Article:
Chapter 48 : , and Other Anaerobic Cocci

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The organisms included in this chapter are obligately anaerobic, non-spore-forming, sometimes elongated cocci. The genera , , , , , , , and , as well as the newly described taxon , are gram-positive, coccobacillary, or, occasionally, coccoid cells. is the most pathogenic and one of the most frequently isolated gram-positive anaerobic coccal species found in human clinical specimens. Molecular methods, such as nucleic acid probe hybridization and PCR amplification, are not yet standardized or available commercially for the direct demonstration of medically important gram-positive anaerobic cocci from clinical specimens. New information regarding the antimicrobial susceptibilities of gram-positive anaerobic cocci is sparse compared with the information available for other anaerobic species. Bacteria present in pure culture or in large numbers are probably of major importance, as are organisms recovered in multiple cultures and isolated from normally sterile sites. Furthermore, Gram stain results can guide the laboratory in choosing media for optimal recovery of the predicted organisms. The significance of finding anaerobic gram-positive and gram-negative cocci in clinical specimens depends on the specimen and the likelihood that it was contaminated by the microbiota of the skin or mucous membranes. Hence, interpretation of culture results is dependent on the nature and quality of the specimen submitted to the laboratory.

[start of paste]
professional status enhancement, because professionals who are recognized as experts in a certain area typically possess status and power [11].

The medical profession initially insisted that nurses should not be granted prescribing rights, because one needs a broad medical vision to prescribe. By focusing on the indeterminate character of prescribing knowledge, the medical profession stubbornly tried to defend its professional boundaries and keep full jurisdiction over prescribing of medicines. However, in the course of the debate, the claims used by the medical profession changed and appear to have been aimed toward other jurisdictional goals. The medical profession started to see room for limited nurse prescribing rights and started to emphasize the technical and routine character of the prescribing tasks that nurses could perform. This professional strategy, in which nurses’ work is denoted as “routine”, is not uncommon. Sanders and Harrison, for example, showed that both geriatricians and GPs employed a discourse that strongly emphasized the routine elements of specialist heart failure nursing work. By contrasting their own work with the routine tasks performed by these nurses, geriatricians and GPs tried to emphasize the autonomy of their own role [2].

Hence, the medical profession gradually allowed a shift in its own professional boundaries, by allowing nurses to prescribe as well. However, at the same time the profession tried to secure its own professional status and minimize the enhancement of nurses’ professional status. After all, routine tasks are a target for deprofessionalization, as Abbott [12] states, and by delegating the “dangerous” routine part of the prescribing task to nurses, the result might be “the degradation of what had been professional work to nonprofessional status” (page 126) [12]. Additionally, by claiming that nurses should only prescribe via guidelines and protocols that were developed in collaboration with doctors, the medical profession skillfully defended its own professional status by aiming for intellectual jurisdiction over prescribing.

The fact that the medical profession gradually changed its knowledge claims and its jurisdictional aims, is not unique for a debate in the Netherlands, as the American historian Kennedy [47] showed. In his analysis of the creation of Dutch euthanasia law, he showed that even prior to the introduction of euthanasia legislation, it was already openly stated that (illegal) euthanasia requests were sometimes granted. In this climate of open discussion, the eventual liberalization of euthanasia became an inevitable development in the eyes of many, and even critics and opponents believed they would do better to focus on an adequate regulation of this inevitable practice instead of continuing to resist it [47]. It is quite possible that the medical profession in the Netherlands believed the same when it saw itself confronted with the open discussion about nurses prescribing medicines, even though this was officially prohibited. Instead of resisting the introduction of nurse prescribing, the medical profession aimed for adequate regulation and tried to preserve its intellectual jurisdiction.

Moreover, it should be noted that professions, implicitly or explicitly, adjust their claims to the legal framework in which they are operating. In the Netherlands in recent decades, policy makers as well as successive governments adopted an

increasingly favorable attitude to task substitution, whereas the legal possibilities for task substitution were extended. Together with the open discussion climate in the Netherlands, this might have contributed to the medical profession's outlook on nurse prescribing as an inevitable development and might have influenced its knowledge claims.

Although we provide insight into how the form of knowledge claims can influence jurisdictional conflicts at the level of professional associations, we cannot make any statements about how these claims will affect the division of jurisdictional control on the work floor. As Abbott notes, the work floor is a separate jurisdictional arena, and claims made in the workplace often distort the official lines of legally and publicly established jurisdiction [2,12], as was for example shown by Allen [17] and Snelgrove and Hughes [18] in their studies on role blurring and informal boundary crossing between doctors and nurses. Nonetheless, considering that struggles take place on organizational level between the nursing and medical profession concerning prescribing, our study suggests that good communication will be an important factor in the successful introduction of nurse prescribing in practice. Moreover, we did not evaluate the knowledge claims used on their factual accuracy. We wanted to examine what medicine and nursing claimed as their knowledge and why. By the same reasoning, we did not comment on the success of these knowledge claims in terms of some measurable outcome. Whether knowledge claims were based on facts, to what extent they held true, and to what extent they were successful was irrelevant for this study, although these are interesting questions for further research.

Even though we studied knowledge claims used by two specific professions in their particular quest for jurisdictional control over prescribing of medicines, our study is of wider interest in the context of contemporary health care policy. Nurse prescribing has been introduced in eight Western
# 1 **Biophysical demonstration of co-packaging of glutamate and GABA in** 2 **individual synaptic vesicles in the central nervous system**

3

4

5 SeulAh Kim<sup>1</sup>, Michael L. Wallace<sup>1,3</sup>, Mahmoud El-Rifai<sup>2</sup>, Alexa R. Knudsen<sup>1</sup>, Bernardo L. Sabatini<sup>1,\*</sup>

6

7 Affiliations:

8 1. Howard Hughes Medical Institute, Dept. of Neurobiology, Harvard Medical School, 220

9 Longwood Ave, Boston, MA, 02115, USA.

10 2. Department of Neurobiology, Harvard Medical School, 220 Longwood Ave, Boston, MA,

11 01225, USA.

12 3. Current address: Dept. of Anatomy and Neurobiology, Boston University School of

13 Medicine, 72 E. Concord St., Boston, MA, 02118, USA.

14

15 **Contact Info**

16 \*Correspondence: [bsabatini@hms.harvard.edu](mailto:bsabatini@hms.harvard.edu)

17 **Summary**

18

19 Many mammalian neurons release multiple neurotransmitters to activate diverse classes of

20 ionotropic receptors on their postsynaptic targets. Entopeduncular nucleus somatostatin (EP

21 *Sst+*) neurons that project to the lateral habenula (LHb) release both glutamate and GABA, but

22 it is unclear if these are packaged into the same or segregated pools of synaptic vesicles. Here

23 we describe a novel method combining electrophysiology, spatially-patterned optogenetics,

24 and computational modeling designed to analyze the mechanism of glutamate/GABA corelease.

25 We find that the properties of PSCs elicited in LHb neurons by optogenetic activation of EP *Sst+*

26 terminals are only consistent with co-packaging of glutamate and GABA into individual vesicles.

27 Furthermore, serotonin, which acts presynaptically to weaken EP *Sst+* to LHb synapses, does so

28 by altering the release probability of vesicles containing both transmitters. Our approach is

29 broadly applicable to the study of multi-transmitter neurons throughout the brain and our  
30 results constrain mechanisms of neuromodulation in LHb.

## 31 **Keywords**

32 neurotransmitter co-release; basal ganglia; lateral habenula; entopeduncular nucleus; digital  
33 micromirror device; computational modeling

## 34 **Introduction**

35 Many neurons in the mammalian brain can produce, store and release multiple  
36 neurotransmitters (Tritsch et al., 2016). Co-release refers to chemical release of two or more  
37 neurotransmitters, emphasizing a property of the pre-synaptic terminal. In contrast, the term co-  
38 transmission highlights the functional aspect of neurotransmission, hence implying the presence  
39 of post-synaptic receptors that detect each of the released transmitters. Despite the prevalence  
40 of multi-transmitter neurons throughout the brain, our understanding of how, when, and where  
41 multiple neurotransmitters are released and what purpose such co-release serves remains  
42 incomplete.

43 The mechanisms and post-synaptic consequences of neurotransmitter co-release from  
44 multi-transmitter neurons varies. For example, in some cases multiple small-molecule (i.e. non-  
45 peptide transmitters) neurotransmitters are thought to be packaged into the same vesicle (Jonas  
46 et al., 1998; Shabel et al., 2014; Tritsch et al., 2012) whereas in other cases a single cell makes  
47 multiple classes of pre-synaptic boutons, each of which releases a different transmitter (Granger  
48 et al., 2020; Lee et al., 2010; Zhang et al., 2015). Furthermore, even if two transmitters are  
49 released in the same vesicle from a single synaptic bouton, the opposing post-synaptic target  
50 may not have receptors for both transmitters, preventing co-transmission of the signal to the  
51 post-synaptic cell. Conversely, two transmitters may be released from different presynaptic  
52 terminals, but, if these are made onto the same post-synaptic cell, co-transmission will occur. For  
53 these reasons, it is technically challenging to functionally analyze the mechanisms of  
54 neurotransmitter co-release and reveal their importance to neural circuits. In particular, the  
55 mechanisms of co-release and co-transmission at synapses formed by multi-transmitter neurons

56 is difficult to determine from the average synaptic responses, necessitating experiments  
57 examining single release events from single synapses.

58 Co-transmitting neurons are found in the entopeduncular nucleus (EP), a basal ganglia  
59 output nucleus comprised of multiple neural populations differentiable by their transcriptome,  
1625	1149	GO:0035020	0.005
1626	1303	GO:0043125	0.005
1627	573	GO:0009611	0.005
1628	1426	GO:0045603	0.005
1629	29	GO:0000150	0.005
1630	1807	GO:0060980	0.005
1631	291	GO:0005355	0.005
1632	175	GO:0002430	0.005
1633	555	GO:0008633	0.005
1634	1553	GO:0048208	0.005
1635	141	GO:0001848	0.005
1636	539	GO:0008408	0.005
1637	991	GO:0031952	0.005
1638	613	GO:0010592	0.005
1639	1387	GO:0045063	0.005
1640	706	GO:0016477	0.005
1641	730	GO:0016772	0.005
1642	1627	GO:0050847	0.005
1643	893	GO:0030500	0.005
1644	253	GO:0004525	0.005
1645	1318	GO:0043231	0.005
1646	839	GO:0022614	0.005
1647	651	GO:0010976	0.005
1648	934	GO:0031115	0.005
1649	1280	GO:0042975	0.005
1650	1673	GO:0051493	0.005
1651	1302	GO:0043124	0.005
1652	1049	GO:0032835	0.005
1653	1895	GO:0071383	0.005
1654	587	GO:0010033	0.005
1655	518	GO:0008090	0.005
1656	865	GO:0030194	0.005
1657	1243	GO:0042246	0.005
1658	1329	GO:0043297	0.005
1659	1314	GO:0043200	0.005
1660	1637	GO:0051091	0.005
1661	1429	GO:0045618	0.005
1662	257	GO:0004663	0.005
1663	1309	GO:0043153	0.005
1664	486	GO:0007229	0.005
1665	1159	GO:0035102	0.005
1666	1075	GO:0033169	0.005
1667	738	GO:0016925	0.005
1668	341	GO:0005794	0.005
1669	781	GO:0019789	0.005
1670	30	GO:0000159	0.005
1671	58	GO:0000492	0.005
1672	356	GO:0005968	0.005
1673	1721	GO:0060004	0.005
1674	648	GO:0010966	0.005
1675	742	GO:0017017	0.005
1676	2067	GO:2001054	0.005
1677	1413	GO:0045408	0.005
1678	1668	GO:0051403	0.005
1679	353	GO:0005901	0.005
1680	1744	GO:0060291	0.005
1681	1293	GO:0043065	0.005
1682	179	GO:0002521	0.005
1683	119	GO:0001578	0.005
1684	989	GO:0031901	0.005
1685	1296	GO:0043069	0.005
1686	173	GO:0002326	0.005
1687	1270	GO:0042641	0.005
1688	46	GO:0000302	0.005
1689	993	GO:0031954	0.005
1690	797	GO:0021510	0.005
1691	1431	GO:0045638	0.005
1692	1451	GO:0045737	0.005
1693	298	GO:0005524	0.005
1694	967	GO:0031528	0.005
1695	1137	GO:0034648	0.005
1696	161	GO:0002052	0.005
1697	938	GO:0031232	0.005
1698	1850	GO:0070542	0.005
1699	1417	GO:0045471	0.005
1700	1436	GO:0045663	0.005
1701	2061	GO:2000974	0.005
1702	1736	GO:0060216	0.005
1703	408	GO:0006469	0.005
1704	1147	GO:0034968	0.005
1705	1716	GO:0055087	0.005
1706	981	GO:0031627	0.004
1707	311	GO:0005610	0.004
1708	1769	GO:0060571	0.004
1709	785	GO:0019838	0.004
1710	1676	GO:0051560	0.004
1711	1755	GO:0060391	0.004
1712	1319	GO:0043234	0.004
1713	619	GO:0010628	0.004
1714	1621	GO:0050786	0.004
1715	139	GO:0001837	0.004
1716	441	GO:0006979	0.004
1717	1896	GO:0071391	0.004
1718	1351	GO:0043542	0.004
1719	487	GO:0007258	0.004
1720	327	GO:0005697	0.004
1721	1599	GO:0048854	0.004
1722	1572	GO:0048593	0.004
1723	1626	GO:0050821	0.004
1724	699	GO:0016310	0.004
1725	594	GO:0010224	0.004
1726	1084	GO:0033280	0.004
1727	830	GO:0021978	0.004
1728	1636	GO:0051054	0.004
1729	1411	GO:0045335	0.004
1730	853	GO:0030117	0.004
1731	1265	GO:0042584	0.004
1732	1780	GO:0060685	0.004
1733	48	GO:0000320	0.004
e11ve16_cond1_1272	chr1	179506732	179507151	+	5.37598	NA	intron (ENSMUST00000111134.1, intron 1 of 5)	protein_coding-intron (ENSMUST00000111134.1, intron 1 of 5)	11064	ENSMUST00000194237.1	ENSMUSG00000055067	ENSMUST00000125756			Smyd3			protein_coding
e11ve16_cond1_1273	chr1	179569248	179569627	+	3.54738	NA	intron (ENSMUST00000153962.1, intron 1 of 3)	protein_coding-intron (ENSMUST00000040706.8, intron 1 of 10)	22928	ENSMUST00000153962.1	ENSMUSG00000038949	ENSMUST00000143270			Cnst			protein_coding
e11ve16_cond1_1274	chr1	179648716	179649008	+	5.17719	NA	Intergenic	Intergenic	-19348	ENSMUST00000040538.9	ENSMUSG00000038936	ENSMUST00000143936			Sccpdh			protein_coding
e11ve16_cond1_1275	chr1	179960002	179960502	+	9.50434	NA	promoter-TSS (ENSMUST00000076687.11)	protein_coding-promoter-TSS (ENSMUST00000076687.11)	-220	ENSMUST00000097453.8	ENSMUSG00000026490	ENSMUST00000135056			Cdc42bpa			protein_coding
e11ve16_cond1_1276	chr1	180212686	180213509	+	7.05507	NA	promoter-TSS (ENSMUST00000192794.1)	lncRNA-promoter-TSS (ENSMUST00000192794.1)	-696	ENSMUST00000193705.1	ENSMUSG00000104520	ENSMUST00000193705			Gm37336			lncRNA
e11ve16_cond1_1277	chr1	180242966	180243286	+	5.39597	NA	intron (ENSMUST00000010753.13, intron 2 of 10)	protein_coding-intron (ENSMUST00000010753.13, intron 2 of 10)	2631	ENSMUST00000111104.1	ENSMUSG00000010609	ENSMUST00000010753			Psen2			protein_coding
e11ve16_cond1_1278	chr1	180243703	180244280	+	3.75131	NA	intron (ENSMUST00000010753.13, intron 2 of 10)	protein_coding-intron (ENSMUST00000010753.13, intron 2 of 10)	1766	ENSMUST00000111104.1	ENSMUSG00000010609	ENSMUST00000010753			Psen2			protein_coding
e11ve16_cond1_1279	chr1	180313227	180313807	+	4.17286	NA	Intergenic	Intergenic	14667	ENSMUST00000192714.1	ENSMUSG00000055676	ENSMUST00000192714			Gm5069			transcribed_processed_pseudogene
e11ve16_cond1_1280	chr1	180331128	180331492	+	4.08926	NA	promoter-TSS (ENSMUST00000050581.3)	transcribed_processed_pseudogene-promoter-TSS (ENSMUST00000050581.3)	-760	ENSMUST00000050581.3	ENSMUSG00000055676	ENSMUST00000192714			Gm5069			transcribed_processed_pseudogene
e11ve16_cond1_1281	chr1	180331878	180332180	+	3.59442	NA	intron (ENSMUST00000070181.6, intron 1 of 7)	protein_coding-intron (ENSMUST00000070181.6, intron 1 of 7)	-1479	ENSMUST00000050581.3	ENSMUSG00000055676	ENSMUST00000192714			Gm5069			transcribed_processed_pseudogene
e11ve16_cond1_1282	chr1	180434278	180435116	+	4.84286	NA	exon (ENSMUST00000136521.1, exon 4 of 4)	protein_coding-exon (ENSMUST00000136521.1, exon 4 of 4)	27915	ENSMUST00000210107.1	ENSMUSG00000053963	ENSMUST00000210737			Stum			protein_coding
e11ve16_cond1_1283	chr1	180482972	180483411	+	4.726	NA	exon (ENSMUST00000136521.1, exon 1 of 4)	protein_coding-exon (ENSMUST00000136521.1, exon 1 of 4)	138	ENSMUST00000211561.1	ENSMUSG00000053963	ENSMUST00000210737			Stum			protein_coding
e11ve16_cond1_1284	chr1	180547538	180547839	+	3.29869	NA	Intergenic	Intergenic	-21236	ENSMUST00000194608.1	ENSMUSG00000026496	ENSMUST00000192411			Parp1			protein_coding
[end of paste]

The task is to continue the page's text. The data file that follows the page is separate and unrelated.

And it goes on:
Citation: Song Y, Finegold S. 2011. , and Other Anaerobic Cocci, p 803-816. In Versalovic J, Carroll K, Funke G, Jorgensen J, Landry M, Warnock D (ed), Manual of Clinical Microbiology, 10th Edition. ASM Press, Washington, DC. doi: 10.1128/9781555816728.ch48